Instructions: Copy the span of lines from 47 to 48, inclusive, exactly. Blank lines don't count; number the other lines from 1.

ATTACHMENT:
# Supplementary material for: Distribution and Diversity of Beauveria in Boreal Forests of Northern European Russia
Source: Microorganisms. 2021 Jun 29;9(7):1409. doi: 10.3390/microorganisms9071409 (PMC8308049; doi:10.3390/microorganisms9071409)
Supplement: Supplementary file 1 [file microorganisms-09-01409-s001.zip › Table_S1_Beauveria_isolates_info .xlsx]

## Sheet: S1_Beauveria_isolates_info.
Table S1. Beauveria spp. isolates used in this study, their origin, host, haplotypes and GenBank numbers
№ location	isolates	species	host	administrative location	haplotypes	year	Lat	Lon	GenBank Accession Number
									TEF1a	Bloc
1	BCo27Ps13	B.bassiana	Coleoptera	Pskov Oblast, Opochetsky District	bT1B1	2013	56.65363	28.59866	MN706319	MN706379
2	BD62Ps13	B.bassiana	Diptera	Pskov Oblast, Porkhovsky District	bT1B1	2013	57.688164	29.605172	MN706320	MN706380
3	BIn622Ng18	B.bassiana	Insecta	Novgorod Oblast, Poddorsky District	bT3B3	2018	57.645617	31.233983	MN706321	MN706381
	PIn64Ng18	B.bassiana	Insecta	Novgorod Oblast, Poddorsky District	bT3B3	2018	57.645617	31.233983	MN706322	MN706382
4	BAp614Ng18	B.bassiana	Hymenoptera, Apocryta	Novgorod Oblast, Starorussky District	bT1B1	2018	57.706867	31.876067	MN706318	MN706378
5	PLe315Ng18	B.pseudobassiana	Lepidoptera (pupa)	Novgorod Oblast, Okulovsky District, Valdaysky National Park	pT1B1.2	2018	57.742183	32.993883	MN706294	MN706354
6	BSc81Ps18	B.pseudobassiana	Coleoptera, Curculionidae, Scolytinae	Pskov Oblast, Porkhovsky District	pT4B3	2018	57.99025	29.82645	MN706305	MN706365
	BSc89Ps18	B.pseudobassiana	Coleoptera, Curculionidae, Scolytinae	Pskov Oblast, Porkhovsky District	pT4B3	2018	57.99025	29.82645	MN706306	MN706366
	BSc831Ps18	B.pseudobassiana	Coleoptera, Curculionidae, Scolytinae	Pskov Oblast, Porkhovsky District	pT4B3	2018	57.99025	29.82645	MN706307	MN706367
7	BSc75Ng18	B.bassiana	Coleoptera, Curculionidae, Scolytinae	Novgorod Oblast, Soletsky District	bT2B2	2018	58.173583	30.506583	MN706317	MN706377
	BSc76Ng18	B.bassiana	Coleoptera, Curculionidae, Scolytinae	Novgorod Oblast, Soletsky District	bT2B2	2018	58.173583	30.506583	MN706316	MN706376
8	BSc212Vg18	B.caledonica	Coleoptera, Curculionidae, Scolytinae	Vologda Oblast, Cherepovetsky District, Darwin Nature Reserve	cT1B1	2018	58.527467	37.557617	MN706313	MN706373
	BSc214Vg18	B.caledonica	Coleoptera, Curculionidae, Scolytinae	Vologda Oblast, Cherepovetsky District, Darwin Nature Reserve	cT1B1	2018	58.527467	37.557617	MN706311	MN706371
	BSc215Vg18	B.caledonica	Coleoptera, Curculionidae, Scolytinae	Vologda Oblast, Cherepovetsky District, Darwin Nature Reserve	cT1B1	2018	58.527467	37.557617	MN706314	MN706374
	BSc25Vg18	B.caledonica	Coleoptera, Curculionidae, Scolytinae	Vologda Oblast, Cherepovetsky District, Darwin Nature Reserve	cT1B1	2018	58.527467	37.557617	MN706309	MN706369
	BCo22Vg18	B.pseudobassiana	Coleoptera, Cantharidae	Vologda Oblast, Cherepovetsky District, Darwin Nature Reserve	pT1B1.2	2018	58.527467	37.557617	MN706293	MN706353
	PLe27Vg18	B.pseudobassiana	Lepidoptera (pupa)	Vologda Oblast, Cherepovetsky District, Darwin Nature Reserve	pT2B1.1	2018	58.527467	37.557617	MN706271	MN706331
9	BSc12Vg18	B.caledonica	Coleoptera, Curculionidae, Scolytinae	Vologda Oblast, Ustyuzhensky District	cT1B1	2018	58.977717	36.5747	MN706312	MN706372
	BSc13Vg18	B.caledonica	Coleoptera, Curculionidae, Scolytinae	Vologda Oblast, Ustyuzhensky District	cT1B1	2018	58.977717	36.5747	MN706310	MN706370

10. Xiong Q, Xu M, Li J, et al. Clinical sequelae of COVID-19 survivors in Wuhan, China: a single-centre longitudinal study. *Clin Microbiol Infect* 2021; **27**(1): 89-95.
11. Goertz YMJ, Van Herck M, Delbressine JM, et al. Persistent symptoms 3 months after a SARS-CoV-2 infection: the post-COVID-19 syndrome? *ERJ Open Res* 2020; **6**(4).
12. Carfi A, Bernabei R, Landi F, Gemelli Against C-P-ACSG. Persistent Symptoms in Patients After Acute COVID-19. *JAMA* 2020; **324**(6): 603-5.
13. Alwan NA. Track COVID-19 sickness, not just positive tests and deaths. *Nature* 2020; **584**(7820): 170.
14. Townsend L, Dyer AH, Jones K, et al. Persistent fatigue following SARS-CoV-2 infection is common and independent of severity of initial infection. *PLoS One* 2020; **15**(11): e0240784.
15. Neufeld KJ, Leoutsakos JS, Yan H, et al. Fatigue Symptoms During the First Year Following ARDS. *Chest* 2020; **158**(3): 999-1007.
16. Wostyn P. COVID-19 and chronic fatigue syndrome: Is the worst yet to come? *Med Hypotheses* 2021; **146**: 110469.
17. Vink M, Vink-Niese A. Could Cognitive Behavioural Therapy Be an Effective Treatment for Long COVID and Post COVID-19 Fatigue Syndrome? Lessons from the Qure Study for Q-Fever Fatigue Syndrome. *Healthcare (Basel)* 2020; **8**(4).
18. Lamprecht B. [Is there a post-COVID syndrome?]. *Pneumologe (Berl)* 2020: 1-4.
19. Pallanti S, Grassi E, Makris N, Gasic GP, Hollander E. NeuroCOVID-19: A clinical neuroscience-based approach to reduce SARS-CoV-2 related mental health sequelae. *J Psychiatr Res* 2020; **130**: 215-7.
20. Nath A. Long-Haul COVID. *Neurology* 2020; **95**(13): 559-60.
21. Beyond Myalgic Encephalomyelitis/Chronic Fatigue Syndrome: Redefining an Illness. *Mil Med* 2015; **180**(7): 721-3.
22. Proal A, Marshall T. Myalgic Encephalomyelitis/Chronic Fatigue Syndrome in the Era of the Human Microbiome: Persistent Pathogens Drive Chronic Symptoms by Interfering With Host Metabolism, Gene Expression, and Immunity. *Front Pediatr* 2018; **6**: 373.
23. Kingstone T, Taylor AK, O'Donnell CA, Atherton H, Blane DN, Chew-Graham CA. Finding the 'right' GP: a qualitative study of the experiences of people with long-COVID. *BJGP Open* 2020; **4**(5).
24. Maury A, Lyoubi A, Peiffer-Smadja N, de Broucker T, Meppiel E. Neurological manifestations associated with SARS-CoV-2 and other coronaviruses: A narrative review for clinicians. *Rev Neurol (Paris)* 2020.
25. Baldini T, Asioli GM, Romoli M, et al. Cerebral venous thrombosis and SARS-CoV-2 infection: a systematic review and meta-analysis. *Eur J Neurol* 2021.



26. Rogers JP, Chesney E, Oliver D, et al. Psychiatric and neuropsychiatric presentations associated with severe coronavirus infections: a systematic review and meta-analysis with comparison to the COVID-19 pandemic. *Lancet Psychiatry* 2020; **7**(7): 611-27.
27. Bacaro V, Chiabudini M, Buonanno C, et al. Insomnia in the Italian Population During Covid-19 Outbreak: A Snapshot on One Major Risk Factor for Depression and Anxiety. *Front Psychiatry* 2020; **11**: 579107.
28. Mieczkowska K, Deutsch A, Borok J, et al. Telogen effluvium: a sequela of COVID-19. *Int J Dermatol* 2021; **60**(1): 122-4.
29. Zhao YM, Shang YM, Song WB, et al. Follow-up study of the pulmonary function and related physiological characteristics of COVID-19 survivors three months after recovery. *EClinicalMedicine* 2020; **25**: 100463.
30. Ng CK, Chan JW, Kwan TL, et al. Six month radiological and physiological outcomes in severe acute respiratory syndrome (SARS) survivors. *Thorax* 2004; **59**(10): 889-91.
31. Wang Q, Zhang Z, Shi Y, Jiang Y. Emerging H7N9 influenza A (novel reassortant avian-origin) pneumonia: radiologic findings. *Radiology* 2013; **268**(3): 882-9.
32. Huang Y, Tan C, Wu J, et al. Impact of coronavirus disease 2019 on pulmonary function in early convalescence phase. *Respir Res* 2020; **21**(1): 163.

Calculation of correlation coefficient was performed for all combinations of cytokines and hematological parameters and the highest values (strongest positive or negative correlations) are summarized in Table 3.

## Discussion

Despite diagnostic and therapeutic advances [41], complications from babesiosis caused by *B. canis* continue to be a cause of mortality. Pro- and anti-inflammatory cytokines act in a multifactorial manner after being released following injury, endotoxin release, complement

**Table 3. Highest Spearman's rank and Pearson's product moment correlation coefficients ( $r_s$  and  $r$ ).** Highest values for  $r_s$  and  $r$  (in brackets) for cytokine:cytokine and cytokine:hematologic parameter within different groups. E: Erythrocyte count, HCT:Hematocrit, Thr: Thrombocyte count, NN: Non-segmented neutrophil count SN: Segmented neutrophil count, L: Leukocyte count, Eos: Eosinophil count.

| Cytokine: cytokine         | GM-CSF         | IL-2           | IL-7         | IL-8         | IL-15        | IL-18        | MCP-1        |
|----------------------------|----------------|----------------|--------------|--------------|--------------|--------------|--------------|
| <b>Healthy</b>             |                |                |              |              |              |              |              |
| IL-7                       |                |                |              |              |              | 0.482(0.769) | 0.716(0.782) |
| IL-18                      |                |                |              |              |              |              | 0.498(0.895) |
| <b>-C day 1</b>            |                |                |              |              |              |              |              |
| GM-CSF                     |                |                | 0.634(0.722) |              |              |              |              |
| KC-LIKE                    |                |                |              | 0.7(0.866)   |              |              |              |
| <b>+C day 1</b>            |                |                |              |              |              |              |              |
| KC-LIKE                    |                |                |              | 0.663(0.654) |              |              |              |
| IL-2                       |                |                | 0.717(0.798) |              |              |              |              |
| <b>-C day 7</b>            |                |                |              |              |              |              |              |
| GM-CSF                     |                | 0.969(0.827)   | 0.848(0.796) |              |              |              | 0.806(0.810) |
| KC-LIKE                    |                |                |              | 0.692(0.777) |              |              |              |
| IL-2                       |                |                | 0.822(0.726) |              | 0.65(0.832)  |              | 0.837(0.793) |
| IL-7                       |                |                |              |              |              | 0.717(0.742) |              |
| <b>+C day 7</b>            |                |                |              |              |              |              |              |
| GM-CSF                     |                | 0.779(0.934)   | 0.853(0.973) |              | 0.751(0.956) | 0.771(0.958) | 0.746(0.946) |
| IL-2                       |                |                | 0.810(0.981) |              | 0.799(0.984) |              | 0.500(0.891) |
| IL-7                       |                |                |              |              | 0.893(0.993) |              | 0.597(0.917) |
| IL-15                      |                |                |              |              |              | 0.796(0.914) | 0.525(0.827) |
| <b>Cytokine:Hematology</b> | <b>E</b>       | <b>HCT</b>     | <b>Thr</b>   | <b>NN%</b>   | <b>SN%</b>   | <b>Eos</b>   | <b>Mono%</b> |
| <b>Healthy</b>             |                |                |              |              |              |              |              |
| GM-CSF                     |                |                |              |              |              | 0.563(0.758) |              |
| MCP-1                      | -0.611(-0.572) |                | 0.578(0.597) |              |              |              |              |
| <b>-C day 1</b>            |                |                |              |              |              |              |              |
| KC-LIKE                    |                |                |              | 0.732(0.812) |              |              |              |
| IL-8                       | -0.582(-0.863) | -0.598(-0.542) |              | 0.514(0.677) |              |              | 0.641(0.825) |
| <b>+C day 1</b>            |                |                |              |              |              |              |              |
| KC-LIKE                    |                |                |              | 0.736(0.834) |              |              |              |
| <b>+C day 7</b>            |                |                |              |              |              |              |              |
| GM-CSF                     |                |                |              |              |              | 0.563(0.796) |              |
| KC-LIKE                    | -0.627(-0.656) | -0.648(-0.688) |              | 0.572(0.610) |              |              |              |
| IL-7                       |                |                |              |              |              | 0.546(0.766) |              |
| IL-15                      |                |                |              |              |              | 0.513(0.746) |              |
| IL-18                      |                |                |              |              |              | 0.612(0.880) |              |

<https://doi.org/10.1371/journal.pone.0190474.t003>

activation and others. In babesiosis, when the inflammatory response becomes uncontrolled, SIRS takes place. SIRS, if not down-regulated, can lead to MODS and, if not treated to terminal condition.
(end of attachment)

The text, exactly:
30. Ng CK, Chan JW, Kwan TL, et al. Six month radiological and physiological outcomes in severe acute respiratory syndrome (SARS) survivors. *Thorax* 2004; **59**(10): 889-91.
31. Wang Q, Zhang Z, Shi Y, Jiang Y. Emerging H7N9 influenza A (novel reassortant avian-origin) pneumonia: radiologic findings. *Radiology* 2013; **268**(3): 882-9.